In her 2010 book, The New Jim Crow, author Michelle Alexander argues that the American prison system has served as an extension of Jim Crow oppression beyond the 1964 Civil Rights Act. Through tough-on-crime efforts such as the war on drugs, African American men are arrested and incarcerated at shockingly disproportionate rates. Black people with criminal records face all sorts of legal discrimination in housing, voting, and employment, to only name a few. As Lamar’s lyrics suggest, these are all unsettling parallels of Jim Crow-era segregation, oppression, and violence, and they reinforce cycles of devastating inequality (Alexander 2010).

While The New Jim Crow received overwhelming praise for its powerful descriptions of present-day racial discrimination, some critics have pointed out that it doesn’t tell the whole story. After all, the hard data show that racial inequality in prisons has actually decreasedin the last decade; if anything, the prison system has become more discriminatory across class lines. In their study “Racial and Class Inequality in US Incarceration in the Early Twenty-First Century,” sociologists Christopher Muller and Alexander F. Roehrkasse address these critiques and add another dimension to Michelle Alexander’s story. If the insides of prisons are beginning to look more racially equal, what about the outsides? Do people’s indirect experienceswith the justice system, as emphasized by Lamar in good kid, m.A.A.d city, also look the same across racial groups?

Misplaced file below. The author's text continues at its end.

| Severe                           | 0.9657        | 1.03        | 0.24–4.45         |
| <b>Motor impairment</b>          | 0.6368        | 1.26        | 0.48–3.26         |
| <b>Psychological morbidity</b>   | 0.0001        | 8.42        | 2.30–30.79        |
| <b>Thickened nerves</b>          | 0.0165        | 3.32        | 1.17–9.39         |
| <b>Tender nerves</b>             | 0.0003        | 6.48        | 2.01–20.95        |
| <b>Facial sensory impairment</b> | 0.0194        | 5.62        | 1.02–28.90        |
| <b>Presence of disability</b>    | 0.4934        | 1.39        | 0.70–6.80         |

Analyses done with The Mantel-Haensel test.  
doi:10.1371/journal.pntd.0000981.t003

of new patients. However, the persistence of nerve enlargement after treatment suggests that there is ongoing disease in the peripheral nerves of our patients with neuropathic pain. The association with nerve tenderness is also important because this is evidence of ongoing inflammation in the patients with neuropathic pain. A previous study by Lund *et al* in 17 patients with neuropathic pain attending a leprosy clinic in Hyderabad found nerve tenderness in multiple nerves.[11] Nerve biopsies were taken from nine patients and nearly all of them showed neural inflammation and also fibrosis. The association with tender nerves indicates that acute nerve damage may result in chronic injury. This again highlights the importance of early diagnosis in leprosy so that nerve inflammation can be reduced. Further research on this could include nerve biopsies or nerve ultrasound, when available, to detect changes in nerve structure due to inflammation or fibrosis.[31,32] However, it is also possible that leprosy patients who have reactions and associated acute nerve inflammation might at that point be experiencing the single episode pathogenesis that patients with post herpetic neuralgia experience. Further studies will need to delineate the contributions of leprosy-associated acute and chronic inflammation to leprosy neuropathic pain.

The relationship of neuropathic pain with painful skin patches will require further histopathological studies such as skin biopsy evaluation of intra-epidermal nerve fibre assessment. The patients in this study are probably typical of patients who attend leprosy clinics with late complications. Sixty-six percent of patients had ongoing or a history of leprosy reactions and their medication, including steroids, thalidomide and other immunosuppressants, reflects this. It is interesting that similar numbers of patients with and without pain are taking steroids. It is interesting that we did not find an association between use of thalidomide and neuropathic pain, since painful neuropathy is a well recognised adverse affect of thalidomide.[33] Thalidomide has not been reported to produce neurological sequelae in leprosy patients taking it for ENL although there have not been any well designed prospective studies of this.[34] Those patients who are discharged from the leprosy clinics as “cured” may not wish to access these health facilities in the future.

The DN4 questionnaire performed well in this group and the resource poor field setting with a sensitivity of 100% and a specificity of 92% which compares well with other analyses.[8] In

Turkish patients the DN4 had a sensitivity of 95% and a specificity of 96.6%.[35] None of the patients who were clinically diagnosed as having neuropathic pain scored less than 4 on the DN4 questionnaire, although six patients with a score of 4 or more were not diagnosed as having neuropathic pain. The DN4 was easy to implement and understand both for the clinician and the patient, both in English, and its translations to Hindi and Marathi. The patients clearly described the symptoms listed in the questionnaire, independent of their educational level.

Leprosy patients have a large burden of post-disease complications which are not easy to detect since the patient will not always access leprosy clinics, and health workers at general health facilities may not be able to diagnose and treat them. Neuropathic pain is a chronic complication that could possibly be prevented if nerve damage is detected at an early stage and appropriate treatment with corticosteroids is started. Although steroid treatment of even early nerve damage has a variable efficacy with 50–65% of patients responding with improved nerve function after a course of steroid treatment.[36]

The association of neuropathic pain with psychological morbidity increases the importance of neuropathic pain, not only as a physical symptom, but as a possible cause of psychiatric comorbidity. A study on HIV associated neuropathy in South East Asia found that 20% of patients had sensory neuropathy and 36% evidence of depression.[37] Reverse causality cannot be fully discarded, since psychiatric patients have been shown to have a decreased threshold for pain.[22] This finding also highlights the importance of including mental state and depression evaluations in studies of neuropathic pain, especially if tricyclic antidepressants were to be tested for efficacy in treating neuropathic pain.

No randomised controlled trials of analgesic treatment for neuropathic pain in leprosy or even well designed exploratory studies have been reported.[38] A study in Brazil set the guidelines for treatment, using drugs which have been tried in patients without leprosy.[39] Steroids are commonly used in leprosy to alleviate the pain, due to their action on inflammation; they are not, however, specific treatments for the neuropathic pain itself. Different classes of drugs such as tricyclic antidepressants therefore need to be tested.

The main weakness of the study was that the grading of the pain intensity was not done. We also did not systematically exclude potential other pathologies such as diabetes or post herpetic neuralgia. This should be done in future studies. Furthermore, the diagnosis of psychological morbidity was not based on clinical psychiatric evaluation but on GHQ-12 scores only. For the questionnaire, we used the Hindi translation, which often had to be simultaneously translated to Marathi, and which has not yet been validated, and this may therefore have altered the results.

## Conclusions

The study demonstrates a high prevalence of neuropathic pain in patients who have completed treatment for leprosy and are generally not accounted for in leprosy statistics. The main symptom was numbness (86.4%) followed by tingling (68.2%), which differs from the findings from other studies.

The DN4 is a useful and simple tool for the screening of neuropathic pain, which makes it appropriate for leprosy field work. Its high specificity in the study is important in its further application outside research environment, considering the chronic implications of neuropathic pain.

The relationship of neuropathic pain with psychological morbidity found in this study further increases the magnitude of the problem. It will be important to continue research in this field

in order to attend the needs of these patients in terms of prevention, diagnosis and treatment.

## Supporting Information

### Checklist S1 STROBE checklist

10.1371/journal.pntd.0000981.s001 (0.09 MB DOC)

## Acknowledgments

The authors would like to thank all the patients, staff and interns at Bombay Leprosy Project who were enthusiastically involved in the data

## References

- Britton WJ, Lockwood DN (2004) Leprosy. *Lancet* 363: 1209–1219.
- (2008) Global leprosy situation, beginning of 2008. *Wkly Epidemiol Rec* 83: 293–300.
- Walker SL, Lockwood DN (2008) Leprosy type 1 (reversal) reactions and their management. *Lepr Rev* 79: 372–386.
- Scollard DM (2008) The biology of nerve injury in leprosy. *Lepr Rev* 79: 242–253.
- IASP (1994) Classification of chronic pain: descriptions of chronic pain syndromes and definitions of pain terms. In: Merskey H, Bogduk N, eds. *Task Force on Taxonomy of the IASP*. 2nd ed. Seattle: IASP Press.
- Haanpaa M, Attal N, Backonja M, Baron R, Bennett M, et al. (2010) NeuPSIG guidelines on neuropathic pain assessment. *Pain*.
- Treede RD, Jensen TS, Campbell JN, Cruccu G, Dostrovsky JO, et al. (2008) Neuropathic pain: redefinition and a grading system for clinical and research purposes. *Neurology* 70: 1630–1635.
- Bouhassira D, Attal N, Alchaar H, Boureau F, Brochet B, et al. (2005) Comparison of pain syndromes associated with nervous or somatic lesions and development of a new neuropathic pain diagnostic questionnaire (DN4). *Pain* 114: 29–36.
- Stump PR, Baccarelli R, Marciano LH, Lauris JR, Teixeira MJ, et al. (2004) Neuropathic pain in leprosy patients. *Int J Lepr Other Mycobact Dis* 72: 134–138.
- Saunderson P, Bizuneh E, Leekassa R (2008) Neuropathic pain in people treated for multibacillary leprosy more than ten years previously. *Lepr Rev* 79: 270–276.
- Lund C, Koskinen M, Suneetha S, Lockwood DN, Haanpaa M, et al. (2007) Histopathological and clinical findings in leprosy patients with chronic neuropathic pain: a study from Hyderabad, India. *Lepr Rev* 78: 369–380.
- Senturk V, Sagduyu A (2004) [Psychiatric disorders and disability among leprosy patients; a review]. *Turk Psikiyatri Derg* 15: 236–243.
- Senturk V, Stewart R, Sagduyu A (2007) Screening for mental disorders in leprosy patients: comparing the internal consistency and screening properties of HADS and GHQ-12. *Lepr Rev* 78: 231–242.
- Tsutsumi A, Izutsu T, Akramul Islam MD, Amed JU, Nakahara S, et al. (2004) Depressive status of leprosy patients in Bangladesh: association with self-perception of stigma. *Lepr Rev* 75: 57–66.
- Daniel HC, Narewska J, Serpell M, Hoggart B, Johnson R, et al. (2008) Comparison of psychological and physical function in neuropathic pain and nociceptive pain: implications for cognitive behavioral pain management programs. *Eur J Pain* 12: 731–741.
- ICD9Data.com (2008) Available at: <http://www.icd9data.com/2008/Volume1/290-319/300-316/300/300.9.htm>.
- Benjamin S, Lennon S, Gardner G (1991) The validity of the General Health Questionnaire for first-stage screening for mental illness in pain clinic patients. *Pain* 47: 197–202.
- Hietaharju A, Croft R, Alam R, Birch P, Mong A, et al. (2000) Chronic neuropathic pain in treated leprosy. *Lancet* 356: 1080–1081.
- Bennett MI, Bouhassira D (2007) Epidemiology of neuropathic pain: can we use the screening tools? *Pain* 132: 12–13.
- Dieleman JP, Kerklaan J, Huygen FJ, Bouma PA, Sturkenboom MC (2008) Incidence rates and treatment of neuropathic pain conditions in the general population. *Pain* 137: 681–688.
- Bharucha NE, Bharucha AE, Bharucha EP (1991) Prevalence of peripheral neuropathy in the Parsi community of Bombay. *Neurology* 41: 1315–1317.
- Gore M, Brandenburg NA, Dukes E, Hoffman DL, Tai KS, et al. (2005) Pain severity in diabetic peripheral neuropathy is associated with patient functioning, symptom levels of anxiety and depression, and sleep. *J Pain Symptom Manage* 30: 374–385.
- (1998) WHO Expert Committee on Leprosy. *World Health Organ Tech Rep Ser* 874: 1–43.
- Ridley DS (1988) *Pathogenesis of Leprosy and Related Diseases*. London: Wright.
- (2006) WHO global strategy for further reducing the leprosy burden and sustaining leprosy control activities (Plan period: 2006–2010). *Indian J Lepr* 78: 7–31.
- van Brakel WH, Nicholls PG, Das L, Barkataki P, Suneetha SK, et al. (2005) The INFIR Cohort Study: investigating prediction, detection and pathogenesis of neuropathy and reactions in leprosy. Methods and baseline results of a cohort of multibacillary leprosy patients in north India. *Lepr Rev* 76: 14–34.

Muller and Roehrkasse use the concept of class permeability to weigh the impacts of having imprisoned family members and living in neighborhoods with high incarceration rates. First coined by Erik Olin Wright, class permeability describes the ways in which class extends beyond an individual’s circumstance. Income and education matter, but so too do social relationships and ties (or lack thereof) to certain communities. Muller and Roehrkasse find that an individual’s incarceration affects that person’s families and neighborhoods. This is an experience felt far more often by black people, who although less likely to be incarcerated themselves are significantly more likely than their white counterparts to be connected to someone who has.